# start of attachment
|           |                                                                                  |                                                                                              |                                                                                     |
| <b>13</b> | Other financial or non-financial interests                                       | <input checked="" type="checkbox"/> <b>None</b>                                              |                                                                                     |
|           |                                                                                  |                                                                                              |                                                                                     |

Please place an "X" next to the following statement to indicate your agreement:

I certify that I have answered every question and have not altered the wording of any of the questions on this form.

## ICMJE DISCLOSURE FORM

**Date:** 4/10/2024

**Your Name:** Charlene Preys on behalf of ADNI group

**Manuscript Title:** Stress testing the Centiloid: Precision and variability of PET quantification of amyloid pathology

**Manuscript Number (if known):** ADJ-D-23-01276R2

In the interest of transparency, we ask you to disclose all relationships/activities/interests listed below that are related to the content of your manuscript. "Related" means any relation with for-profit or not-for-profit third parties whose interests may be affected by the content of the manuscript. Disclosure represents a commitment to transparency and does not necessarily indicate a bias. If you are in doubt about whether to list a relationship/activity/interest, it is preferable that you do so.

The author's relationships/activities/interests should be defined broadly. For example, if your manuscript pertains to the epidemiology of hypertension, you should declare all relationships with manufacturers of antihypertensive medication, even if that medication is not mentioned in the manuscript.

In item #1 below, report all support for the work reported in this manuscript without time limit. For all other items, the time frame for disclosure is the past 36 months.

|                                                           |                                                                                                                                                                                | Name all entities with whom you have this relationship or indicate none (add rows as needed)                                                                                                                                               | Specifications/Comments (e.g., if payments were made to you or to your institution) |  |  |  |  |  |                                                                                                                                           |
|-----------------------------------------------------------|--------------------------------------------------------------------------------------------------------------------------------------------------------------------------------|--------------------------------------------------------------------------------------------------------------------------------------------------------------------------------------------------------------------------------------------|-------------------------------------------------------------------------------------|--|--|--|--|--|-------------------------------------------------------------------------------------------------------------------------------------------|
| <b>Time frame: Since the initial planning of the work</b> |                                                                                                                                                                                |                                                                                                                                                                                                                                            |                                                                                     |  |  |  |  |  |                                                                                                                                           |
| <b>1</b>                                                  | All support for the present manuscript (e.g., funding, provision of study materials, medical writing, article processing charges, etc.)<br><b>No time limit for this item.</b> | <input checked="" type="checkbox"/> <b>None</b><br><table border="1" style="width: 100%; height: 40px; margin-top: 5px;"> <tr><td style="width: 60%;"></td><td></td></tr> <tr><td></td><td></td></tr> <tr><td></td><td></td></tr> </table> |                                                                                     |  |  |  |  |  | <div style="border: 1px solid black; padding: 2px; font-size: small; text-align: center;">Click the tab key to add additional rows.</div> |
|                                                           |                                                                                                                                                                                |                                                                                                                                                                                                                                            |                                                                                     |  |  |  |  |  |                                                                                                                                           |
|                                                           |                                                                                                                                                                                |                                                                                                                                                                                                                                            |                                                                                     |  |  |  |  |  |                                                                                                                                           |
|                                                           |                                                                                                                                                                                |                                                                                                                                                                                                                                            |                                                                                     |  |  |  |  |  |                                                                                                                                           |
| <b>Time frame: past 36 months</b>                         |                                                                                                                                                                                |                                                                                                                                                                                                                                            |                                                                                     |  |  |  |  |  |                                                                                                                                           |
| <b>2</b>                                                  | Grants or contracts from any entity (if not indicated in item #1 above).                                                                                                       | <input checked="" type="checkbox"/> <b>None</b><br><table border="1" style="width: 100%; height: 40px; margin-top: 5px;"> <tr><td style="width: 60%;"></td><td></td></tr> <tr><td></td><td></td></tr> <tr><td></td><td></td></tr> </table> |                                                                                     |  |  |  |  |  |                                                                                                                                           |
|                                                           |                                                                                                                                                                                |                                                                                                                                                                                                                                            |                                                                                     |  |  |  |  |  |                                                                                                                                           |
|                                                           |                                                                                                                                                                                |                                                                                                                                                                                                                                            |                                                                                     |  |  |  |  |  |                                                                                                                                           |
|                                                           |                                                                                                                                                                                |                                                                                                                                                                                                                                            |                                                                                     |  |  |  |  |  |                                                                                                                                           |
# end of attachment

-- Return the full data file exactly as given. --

|           |                                                                                  |                                                                                              |                                                                                     |
| <b>13</b> | Other financial or non-financial interests                                       | <input checked="" type="checkbox"/> <b>None</b>                                              |                                                                                     |
|           |                                                                                  |                                                                                              |                                                                                     |

Please place an "X" next to the following statement to indicate your agreement:

I certify that I have answered every question and have not altered the wording of any of the questions on this form.

## ICMJE DISCLOSURE FORM

**Date:** 4/10/2024

**Your Name:** Charlene Preys on behalf of ADNI group

**Manuscript Title:** Stress testing the Centiloid: Precision and variability of PET quantification of amyloid pathology

**Manuscript Number (if known):** ADJ-D-23-01276R2

In the interest of transparency, we ask you to disclose all relationships/activities/interests listed below that are related to the content of your manuscript. "Related" means any relation with for-profit or not-for-profit third parties whose interests may be affected by the content of the manuscript. Disclosure represents a commitment to transparency and does not necessarily indicate a bias. If you are in doubt about whether to list a relationship/activity/interest, it is preferable that you do so.

The author's relationships/activities/interests should be defined broadly. For example, if your manuscript pertains to the epidemiology of hypertension, you should declare all relationships with manufacturers of antihypertensive medication, even if that medication is not mentioned in the manuscript.

In item #1 below, report all support for the work reported in this manuscript without time limit. For all other items, the time frame for disclosure is the past 36 months.

|                                                           |                                                                                                                                                                                | Name all entities with whom you have this relationship or indicate none (add rows as needed)                                                                                                                                               | Specifications/Comments (e.g., if payments were made to you or to your institution) |  |  |  |  |  |                                                                                                                                           |
|-----------------------------------------------------------|--------------------------------------------------------------------------------------------------------------------------------------------------------------------------------|--------------------------------------------------------------------------------------------------------------------------------------------------------------------------------------------------------------------------------------------|-------------------------------------------------------------------------------------|--|--|--|--|--|-------------------------------------------------------------------------------------------------------------------------------------------|
| <b>Time frame: Since the initial planning of the work</b> |                                                                                                                                                                                |                                                                                                                                                                                                                                            |                                                                                     |  |  |  |  |  |                                                                                                                                           |
| <b>1</b>                                                  | All support for the present manuscript (e.g., funding, provision of study materials, medical writing, article processing charges, etc.)<br><b>No time limit for this item.</b> | <input checked="" type="checkbox"/> <b>None</b><br><table border="1" style="width: 100%; height: 40px; margin-top: 5px;"> <tr><td style="width: 60%;"></td><td></td></tr> <tr><td></td><td></td></tr> <tr><td></td><td></td></tr> </table> |                                                                                     |  |  |  |  |  | <div style="border: 1px solid black; padding: 2px; font-size: small; text-align: center;">Click the tab key to add additional rows.</div> |
|                                                           |                                                                                                                                                                                |                                                                                                                                                                                                                                            |                                                                                     |  |  |  |  |  |                                                                                                                                           |
|                                                           |                                                                                                                                                                                |                                                                                                                                                                                                                                            |                                                                                     |  |  |  |  |  |                                                                                                                                           |
|                                                           |                                                                                                                                                                                |                                                                                                                                                                                                                                            |                                                                                     |  |  |  |  |  |                                                                                                                                           |
| <b>Time frame: past 36 months</b>                         |                                                                                                                                                                                |                                                                                                                                                                                                                                            |                                                                                     |  |  |  |  |  |                                                                                                                                           |
| <b>2</b>                                                  | Grants or contracts from any entity (if not indicated in item #1 above).                                                                                                       | <input checked="" type="checkbox"/> <b>None</b><br><table border="1" style="width: 100%; height: 40px; margin-top: 5px;"> <tr><td style="width: 60%;"></td><td></td></tr> <tr><td></td><td></td></tr> <tr><td></td><td></td></tr> </table> |                                                                                     |  |  |  |  |  |                                                                                                                                           |
|                                                           |                                                                                                                                                                                |                                                                                                                                                                                                                                            |                                                                                     |  |  |  |  |  |                                                                                                                                           |
|                                                           |                                                                                                                                                                                |                                                                                                                                                                                                                                            |                                                                                     |  |  |  |  |  |                                                                                                                                           |
|                                                           |                                                                                                                                                                                |                                                                                                                                                                                                                                            |                                                                                     |  |  |  |  |  |                                                                                                                                           |